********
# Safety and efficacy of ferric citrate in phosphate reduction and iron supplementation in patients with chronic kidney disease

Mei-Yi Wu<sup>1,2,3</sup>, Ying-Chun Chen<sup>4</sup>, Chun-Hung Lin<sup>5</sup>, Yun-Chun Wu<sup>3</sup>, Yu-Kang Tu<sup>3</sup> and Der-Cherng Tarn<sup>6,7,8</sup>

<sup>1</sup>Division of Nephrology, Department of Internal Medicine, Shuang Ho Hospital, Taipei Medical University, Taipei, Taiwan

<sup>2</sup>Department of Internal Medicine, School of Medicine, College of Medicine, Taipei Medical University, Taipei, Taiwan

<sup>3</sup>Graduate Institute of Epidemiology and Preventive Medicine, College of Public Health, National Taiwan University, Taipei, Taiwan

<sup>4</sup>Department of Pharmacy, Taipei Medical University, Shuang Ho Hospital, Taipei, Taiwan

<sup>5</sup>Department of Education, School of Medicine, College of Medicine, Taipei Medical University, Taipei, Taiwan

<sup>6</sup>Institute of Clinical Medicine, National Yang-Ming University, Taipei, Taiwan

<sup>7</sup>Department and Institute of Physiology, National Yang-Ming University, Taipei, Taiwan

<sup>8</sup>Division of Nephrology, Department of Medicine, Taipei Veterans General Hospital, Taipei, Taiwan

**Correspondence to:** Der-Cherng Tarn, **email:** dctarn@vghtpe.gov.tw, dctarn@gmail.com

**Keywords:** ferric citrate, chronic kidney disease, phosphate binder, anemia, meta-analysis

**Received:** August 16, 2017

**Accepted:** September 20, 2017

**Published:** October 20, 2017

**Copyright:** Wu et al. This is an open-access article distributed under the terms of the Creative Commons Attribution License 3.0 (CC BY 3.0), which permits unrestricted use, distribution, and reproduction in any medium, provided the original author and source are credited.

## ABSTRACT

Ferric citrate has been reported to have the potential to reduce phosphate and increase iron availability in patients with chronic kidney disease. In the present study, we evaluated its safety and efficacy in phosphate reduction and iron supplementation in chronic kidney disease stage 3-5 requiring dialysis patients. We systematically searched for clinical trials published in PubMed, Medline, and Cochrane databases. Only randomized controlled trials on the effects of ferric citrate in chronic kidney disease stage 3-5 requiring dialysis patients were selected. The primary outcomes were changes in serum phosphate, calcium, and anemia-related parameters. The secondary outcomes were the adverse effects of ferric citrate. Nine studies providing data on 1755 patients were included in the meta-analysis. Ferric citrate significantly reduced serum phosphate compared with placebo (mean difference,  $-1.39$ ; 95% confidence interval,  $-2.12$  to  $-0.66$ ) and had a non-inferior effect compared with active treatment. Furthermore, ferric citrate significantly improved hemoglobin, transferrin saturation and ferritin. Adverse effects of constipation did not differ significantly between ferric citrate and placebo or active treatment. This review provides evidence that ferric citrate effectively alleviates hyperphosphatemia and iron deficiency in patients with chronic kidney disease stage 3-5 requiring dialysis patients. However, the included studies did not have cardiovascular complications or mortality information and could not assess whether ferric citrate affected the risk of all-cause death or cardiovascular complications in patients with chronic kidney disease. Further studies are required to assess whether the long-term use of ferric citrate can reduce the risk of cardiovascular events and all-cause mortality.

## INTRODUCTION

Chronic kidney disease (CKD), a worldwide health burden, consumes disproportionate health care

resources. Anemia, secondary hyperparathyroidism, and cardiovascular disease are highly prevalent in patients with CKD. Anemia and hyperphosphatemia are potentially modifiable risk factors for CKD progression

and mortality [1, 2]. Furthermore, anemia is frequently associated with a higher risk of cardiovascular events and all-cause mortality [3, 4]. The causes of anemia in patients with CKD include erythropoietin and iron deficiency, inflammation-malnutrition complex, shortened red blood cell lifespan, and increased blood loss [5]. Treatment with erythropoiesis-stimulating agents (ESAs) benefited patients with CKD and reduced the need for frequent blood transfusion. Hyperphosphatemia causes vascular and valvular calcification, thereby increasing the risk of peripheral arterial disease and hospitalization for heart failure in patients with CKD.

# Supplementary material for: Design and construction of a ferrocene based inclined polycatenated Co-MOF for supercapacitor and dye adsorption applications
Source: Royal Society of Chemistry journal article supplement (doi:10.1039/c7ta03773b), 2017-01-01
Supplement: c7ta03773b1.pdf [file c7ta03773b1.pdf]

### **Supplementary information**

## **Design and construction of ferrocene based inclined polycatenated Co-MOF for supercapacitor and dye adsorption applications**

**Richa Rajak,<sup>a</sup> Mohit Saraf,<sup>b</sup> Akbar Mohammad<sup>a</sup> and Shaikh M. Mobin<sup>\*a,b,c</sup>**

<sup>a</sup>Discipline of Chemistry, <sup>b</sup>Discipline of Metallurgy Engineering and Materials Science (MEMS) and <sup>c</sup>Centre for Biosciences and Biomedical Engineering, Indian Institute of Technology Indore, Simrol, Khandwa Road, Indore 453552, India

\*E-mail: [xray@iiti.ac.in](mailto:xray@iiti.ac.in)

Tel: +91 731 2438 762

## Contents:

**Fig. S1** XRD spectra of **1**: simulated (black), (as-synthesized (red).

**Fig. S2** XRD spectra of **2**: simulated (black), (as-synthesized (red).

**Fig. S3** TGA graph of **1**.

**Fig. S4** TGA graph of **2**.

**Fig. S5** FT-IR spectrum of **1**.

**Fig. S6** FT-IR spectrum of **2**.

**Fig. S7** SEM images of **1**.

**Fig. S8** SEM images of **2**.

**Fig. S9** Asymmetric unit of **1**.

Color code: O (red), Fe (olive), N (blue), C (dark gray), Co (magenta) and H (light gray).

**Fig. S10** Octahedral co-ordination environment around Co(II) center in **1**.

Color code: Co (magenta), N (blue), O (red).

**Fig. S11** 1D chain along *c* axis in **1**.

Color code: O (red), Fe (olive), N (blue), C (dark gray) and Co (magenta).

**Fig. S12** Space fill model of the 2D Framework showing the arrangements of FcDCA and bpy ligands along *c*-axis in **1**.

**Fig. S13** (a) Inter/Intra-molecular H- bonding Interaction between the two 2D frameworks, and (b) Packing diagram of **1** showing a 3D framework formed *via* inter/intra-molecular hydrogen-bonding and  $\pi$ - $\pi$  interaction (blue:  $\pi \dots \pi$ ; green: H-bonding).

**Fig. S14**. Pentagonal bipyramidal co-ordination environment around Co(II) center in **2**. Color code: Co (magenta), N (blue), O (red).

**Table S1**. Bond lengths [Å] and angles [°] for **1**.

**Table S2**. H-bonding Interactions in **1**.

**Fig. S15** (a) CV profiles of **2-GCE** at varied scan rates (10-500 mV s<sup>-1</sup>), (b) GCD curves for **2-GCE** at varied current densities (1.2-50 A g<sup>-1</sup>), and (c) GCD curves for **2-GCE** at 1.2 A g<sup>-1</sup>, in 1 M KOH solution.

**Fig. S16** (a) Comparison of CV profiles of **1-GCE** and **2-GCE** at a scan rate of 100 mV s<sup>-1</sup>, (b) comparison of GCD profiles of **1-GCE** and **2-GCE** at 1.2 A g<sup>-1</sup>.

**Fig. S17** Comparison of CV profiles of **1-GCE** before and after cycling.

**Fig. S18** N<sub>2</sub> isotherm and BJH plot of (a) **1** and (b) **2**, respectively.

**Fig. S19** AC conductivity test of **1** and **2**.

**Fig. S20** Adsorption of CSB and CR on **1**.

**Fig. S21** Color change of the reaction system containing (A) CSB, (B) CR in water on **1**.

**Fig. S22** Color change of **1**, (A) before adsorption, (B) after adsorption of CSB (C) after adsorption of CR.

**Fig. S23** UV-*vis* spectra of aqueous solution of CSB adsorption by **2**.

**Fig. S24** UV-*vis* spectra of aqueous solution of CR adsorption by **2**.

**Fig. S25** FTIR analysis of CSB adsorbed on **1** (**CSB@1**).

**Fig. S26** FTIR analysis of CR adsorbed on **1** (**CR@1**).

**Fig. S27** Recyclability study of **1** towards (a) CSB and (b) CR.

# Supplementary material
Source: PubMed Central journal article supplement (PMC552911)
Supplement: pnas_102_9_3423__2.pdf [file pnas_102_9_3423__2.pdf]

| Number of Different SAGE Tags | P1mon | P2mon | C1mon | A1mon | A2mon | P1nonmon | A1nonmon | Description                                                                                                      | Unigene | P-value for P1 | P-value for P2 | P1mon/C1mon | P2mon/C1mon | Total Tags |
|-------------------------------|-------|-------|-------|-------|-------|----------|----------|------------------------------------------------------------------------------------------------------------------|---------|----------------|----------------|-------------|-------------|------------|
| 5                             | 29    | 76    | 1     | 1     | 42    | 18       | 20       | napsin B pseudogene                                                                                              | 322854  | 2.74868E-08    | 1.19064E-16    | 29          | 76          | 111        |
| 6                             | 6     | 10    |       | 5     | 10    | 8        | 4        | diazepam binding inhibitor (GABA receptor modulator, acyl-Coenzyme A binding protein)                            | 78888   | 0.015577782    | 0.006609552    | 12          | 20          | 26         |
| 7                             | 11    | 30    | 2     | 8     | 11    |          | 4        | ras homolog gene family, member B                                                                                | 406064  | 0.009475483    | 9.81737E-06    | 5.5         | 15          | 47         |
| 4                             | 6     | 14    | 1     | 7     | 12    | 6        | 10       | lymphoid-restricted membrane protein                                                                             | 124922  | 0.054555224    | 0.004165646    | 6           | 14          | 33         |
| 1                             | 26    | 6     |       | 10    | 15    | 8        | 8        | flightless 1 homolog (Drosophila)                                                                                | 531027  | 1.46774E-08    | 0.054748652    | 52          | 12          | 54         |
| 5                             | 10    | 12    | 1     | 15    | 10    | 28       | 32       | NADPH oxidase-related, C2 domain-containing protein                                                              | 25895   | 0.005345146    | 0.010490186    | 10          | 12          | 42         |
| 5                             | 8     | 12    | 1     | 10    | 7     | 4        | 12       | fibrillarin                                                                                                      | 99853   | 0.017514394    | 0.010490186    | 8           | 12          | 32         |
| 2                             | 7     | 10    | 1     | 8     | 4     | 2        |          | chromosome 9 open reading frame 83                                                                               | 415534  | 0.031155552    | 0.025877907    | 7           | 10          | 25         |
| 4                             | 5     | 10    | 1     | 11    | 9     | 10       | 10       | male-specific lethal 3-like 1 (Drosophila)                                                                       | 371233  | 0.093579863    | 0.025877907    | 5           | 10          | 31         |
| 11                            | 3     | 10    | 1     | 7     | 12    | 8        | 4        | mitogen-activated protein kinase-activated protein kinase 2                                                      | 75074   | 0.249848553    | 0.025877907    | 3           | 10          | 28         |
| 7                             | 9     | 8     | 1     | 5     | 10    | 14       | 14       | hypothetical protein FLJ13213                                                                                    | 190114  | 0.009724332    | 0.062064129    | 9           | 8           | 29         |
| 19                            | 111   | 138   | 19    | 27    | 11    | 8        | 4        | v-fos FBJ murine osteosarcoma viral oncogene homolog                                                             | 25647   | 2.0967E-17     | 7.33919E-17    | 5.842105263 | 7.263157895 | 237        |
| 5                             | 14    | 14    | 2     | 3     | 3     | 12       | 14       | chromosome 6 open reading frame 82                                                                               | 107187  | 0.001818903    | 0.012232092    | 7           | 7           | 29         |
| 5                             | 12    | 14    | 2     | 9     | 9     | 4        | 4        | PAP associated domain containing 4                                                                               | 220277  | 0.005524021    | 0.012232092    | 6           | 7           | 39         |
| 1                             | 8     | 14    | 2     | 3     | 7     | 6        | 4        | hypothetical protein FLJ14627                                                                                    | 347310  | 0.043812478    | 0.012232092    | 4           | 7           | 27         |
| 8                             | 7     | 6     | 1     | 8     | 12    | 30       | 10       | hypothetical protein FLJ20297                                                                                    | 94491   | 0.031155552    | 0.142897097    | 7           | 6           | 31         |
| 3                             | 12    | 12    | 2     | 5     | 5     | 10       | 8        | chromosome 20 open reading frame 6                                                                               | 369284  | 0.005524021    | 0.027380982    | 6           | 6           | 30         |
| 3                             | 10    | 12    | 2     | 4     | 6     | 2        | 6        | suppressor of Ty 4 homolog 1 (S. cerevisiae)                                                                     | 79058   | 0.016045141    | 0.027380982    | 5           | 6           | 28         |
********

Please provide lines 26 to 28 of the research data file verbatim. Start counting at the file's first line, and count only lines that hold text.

### **Supplementary information**

## **Design and construction of ferrocene based inclined polycatenated Co-MOF for supercapacitor and dye adsorption applications**

**Richa Rajak,<sup>a</sup> Mohit Saraf,<sup>b</sup> Akbar Mohammad<sup>a</sup> and Shaikh M. Mobin<sup>\*a,b,c</sup>**